Home Care or Home Health Care…What’s the Difference?

By Toni Ameslav, MSW, Staff Social Worker

Families often ask us for help setting up home health care for a family member, when they actually want to set up home care, so I thought it would be helpful to give a brief overview of the difference between the two.

Home Care

Home care is assistance provided with activities of daily living, such as meal preparation, transportation and light housework, as well as non-medical personal care tasks like shower and dressing help and assistance with transfers from bed to chair or bed to walker.

These services can be provided by a caregiver from a licensed home care agency or by a private individual hired by an individual or family to provide these services. Home care services are usually paid for privately, although some long-term care policies cover home care. They are never covered by Medicare. Most agencies require a minimum number of hours per shift, usually four hours. Costs vary widely among home care agencies so comparison shopping is important.

It’s important to use a licensed home care agency that provides oversight of its employees and will be responsible for their wages and benefits. If you hire a caregiver privately through word of mouth or other means, be sure to check their references carefully. You may be able to negotiate an hourly rate with them and not be dependent on a certain number of hours per shift.

For low-income individuals who meet financial criteria and have at least two non-medical personal care needs, the state of Washington pays for a certain number of hours per month of caregiving from a home care agency or individual, depending on the individual’s needs. This requires an application process, and our social workers can assist with this process.

Home Health Care

Home health care is a Medicare-covered service provided in an individual’s home, usually following surgery, injury, hospitalization or a stay in a skilled nursing facility. Medicaid also covers home health care for people who qualify. You must be on Medicare Part A and/or Part B or have private insurance that pays for home health care. Home health care must be ordered by a physician and can include intermittent nurse visits, physical therapy, occupational therapy, speech therapy, social work and a home health aide for bathing.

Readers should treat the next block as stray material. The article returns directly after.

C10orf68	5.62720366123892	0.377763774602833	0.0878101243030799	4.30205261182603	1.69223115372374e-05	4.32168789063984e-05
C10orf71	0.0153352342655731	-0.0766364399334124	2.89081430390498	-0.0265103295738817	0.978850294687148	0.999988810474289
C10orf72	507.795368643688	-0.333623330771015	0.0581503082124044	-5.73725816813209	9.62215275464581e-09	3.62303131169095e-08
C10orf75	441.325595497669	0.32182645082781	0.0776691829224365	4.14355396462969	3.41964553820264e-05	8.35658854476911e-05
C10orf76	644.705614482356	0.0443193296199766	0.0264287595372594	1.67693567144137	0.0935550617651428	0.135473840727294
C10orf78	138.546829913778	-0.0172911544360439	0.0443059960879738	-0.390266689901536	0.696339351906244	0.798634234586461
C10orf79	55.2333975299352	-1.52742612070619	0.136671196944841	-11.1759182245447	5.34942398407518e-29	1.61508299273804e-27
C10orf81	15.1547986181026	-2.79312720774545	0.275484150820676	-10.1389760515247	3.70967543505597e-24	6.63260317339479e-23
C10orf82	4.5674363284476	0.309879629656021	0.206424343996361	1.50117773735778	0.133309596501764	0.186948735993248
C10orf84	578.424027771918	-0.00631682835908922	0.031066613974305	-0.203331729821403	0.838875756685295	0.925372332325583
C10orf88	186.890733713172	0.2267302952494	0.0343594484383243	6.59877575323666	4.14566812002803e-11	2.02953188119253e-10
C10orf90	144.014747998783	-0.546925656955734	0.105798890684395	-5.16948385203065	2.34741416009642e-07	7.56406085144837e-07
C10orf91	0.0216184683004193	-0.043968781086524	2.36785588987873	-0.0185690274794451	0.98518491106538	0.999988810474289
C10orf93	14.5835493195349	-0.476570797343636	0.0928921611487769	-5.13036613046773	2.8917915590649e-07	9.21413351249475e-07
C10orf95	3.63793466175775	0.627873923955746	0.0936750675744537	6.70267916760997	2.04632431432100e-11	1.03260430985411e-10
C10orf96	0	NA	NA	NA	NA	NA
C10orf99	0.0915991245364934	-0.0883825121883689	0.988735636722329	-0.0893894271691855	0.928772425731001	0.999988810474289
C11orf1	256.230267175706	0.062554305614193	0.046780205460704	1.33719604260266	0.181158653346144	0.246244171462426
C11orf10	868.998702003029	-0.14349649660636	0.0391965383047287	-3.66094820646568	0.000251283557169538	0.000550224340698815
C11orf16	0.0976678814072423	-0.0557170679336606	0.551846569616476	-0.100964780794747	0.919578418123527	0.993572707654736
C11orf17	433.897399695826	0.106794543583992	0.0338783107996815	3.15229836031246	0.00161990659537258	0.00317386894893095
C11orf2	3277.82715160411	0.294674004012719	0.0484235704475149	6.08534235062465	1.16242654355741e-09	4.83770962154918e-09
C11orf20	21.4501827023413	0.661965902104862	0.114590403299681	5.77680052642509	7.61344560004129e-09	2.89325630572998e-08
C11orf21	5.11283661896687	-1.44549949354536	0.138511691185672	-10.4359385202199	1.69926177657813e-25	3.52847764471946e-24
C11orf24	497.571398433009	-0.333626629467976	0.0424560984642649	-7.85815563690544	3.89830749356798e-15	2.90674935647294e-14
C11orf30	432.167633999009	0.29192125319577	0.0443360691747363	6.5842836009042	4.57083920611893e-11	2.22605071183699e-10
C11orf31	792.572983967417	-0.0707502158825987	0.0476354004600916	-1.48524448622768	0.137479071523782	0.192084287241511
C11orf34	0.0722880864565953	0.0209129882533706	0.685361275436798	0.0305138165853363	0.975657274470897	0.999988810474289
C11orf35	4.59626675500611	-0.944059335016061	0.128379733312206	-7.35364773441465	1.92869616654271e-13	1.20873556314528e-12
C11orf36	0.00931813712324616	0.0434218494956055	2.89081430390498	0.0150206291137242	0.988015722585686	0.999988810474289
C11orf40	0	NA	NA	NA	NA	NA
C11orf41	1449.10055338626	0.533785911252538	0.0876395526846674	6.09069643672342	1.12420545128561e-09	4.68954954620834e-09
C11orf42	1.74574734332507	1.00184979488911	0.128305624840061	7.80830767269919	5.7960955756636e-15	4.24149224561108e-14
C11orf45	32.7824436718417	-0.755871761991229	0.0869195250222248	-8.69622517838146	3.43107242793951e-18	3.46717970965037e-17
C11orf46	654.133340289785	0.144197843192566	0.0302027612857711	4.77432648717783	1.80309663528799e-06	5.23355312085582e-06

To qualify for home health care, an individual must be homebound according to Medicare rules, have a skilled need and be under the care of a physician. Individuals are initially certified for 60 days and can be recertified for another 60 day period if they still have a skilled need at the end of 60 days. Skilled needs include physical therapy for rehab following a hip replacement, wound care, tube feeding or skilled nursing for sterile dressing changes.

Home health care is generally short-term, and an individual must be showing improvement or decline in order to be recertified. If a home health care patient stabilizes, they will be discharged from home health services. Home health care does not include home care services like meal prep and non-medical personal care, except for shower assist by a home care bath aide.

If you have questions about home care or home health care, please contact one of our social workers.

 

 

 

 

 

 

 

 

 

 

 

 

 

 

 

 

 

 

 

nursing facility. Medicaid also covers home health care for people who qualify. You must be on Medicare Part A and/or Part B or have private insurance that pays for home health care. Home health care must be ordered by a physician and can include intermittent nurse visits, physical therapy, occupational therapy, speech therapy, social work and a home health aide for bathing.

 

To qualify for home health care, an individual must be homebound according to Medicare rules, have a skilled need and be under the care of a physician. Individuals are initially certified for 60 days and can be recertified for another 60 day period if they still have a skilled need at the end of 60 days. Skilled

needs include physical therapy for rehab following a hip replacement, wound care, tube feeding or skilled nursing for sterile dressing changes.

 

Home health care is generally short-term, and an individual must be showing improvement or decline in order to be recertified. If a home health care patient stabilizes, they will be discharged from home health services. Home health care does not include home care services like meal prep and non-medical personal care, except for shower assist by a home care bath aide.

 

If you have questions about home care or home health care, please contact one of our social workers.